Pakistan’s greatest film ‘Aina’ (1977) was released amid political turmoil. It was a time when the country was going through the worst political crisis. It began with the general elections in March, the movement from opposition parties that followed and the eventual takeover by Army Chief Zia-ul-Haq in July. ‘Aina’ was directed by Nazrul-Islam, Shabnam was the heroine while her husband Robin Ghosh, the music composer. All three started their careers from former East Pakistan. Shabnam formed a hit pairing with Nadeem which continued till late 80s, while the soundtracks from Robin Ghosh’s movies Bandish (1980), Nahin Abhi Nahi can still give competition to the current movies produced in Pakistan.
The ‘Islamization’ by military dictator Zia-ul-Haq began in the 80s. This was the second blow in recent times to the industry after the failure to counter the influx of films on VCR. People from an entire locality could watch an Indian film at home on a rented VCR for 100 rupees, while taking a family of 4 to watch a Pakistani film would cost around the same. This was followed by new Censor laws and entertainment taxes, resulting in the closure of some cinemas, while many were turned into shopping centers.
Deaths of iconic figures like Santosh Kumar, Waheed Murad, Allauddin, Aslam Pervez, Khurshid Anwar and Ahmed Rushdi in the early 80s heralded the beginning of the end. A vacuum was created which was filled by Punjabi and Pashtu films. In a desperate attempt to keep the studios running, these films were dubbed in Urdu. The experiment of double version films failed, further distancing the audience further from cinemas. Region’s first sci-fi film Shanee (1989) gave hope to the viewers, but the industry could not capitalize on its success.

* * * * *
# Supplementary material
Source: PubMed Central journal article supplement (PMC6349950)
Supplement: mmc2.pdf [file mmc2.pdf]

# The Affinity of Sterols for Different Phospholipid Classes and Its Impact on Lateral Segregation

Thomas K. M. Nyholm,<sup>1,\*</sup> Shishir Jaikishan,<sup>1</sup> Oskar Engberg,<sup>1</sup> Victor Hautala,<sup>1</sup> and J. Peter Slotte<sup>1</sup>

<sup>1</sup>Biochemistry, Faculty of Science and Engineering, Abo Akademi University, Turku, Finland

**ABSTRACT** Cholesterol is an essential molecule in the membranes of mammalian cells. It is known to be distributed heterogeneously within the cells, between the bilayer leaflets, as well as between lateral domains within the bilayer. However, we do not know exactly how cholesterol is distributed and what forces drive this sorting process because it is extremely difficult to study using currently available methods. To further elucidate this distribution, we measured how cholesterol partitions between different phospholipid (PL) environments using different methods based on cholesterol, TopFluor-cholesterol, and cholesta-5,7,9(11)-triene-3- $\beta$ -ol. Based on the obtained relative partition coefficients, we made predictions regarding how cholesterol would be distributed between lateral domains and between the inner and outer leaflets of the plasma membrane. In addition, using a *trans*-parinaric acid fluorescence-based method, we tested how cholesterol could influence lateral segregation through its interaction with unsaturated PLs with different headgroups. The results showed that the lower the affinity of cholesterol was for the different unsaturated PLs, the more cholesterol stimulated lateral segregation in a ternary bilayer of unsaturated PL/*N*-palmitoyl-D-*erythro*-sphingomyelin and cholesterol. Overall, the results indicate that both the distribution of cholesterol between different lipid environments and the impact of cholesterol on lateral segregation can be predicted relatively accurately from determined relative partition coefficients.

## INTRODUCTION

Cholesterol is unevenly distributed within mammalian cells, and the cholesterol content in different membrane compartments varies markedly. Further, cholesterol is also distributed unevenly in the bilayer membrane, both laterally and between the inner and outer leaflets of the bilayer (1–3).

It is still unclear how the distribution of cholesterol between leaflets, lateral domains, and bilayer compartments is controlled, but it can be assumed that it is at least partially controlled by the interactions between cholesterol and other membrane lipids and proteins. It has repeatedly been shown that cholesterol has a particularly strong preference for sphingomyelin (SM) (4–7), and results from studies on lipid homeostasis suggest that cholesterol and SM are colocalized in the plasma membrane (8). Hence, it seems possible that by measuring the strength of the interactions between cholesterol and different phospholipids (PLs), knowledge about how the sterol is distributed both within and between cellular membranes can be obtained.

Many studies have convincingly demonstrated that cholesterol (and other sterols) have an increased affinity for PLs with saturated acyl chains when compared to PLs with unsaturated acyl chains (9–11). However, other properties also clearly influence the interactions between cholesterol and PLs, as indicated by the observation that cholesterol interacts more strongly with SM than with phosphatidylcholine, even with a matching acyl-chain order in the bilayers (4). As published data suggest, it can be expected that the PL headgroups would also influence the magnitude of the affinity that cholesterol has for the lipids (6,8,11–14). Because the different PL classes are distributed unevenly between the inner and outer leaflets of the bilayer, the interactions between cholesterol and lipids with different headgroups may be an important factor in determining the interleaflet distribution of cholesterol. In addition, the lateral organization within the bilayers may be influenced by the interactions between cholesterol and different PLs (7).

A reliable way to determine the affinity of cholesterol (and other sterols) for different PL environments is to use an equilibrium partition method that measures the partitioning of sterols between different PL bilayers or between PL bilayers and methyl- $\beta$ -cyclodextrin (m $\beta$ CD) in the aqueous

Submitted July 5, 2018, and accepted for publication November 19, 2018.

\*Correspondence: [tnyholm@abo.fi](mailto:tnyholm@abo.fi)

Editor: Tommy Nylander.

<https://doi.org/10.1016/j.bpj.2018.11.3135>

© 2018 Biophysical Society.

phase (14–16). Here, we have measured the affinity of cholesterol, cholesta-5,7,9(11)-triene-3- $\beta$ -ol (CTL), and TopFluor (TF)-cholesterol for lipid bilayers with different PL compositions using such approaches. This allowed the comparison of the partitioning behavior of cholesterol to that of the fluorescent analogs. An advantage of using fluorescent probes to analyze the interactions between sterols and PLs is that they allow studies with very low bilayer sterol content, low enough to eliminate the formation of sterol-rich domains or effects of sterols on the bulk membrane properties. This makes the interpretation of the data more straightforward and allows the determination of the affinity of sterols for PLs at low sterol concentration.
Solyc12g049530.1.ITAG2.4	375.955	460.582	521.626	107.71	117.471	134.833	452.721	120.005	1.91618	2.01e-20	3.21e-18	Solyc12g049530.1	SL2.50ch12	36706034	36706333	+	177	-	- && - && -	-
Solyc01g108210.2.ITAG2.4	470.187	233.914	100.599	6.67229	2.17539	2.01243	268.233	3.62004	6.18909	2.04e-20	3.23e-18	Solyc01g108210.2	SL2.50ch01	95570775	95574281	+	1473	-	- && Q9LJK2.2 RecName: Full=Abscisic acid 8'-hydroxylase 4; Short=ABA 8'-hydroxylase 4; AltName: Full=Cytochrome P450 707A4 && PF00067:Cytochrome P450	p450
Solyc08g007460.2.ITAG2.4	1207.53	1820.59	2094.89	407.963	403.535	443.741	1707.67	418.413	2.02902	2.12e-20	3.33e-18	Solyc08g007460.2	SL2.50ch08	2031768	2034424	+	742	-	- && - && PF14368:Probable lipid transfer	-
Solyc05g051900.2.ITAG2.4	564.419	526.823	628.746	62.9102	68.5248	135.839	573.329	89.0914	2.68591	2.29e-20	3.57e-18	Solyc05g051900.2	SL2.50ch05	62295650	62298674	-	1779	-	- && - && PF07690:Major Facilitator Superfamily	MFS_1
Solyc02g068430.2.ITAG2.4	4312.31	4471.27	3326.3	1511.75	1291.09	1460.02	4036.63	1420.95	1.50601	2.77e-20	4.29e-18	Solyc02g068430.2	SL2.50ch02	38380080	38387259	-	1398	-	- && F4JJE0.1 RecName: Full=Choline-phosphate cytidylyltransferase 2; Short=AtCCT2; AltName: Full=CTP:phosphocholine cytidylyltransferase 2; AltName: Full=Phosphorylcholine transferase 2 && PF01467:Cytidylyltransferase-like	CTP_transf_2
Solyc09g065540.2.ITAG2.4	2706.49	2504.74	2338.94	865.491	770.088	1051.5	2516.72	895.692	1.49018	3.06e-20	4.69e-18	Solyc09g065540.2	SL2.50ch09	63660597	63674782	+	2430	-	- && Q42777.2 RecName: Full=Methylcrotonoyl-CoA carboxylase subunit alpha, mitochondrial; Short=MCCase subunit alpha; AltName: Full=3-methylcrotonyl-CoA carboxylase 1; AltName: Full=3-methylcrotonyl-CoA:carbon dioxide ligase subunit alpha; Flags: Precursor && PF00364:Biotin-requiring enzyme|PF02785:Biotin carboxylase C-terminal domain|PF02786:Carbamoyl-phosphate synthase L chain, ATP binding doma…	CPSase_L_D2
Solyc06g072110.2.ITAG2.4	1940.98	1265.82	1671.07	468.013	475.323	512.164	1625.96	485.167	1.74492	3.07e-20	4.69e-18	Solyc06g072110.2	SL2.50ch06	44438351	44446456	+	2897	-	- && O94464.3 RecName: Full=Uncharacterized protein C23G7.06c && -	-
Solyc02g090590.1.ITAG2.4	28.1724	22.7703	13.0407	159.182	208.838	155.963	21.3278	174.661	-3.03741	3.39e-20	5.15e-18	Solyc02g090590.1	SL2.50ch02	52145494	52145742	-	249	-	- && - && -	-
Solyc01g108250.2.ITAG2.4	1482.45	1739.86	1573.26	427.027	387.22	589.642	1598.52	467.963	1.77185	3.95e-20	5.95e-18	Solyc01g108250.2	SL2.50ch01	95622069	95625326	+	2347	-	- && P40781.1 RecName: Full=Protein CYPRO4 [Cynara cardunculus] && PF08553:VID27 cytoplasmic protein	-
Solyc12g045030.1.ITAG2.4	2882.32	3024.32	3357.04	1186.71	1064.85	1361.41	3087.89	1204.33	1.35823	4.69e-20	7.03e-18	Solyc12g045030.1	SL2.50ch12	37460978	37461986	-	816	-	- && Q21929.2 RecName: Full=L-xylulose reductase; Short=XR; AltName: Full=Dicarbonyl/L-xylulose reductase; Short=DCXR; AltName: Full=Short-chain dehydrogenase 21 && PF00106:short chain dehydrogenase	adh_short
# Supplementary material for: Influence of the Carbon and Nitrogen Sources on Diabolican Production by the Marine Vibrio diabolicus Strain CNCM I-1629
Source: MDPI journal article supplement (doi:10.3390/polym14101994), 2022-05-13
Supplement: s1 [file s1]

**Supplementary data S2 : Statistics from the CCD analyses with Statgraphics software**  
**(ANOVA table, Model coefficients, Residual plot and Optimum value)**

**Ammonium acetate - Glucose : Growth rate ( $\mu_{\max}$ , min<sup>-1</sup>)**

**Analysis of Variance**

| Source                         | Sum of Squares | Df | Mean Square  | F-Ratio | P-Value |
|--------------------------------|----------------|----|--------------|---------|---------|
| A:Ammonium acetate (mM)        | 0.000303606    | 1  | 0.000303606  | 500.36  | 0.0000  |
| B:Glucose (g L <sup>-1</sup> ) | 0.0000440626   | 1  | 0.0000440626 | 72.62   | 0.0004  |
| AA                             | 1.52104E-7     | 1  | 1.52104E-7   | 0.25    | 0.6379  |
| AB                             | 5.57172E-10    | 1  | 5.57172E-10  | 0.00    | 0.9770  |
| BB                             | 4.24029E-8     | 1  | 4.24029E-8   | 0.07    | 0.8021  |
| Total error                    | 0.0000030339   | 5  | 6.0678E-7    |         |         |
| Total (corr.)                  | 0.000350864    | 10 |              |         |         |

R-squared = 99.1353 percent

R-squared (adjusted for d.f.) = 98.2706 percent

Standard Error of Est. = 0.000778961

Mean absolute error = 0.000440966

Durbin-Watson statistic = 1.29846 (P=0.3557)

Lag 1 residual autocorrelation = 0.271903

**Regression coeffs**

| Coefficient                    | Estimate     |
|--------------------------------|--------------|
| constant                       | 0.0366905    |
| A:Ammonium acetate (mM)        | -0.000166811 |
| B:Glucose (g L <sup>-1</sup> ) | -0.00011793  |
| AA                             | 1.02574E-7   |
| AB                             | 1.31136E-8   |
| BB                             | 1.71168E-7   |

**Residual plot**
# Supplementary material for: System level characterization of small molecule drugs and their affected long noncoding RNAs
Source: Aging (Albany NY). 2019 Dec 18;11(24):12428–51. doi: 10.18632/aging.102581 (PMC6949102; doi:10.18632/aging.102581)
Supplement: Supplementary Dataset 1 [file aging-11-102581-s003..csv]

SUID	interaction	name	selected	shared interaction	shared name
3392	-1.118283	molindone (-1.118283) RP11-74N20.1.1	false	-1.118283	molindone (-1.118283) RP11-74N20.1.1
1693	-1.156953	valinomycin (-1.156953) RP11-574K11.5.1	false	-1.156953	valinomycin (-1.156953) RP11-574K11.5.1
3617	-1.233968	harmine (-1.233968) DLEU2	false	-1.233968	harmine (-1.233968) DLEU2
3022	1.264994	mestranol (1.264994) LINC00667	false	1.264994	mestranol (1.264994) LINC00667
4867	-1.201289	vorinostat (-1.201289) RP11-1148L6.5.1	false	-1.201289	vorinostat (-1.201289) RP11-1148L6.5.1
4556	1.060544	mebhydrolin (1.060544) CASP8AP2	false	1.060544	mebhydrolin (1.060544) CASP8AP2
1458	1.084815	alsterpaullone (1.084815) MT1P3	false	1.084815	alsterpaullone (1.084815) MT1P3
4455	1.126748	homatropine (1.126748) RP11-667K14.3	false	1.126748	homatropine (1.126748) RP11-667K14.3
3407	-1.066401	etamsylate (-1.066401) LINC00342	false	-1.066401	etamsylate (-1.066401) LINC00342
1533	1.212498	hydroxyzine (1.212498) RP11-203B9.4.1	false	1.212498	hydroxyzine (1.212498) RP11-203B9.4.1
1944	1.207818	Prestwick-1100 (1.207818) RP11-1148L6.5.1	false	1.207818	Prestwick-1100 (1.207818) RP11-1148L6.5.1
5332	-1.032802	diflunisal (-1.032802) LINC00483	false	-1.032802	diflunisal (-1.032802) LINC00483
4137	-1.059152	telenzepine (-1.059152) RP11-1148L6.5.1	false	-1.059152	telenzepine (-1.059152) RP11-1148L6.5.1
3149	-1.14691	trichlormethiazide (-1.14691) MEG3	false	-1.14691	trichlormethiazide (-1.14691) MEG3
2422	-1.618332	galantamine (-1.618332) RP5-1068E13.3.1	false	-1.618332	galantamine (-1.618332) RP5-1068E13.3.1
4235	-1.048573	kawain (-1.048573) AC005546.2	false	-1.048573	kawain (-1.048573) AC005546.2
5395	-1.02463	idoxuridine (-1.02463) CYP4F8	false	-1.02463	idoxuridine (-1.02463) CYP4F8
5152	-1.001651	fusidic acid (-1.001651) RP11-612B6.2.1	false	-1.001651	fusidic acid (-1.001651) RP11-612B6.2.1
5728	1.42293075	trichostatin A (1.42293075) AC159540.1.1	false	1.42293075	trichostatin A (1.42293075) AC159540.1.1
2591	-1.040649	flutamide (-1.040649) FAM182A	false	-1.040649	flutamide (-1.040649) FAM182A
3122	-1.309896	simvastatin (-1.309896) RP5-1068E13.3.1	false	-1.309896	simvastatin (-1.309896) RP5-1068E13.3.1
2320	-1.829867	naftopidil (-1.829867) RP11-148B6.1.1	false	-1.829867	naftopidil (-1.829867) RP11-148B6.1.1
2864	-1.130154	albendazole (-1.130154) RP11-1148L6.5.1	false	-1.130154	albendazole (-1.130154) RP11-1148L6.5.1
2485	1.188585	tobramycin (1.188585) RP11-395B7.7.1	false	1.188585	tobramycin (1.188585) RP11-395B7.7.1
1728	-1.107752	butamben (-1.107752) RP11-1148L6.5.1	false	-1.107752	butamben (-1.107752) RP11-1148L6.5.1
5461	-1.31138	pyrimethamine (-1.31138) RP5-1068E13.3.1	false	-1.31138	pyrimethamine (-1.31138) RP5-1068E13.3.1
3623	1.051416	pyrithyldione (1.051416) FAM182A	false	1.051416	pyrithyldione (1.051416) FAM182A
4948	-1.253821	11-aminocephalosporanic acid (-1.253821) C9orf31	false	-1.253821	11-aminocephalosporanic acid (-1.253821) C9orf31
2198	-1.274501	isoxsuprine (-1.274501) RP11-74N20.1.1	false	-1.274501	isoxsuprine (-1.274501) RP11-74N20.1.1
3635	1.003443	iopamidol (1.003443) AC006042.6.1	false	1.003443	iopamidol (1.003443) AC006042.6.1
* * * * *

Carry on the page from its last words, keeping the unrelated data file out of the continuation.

There were mini-revivals for the ailing industry in 1995 with Syed Noor’s Jeeva , Shamim Ara’s Munda Bigra Jaaye and Javed Shaikh’s Mushkil, but it was legendary TV producer Shoaib Mansoor who was successful in bringing people back to the cinemas with Khuda ke liye (2007) and Bol (2011).
The Indian films were being allowed to screen in mid-2000s in Pakistan theatres and cinema business was thronging, but those who ruled the films in 80s, instead of improving their quality, went into hibernation.
It is finally people from TV who are trying hard to uplift the industry with some success. With Indian films getting major screenings at multiplexes, Pakistan industry needs to do a lot more to attract audience. The current crop of film makers have, on one hand, to fight technology as well as to come up with a script as powerful as Riaz Shahid’s, music as sweet as Nisar Bazmi’s, performances as natural as Nadeem and Shabnam’s and direction as thought provoking as Pervez Malik’s.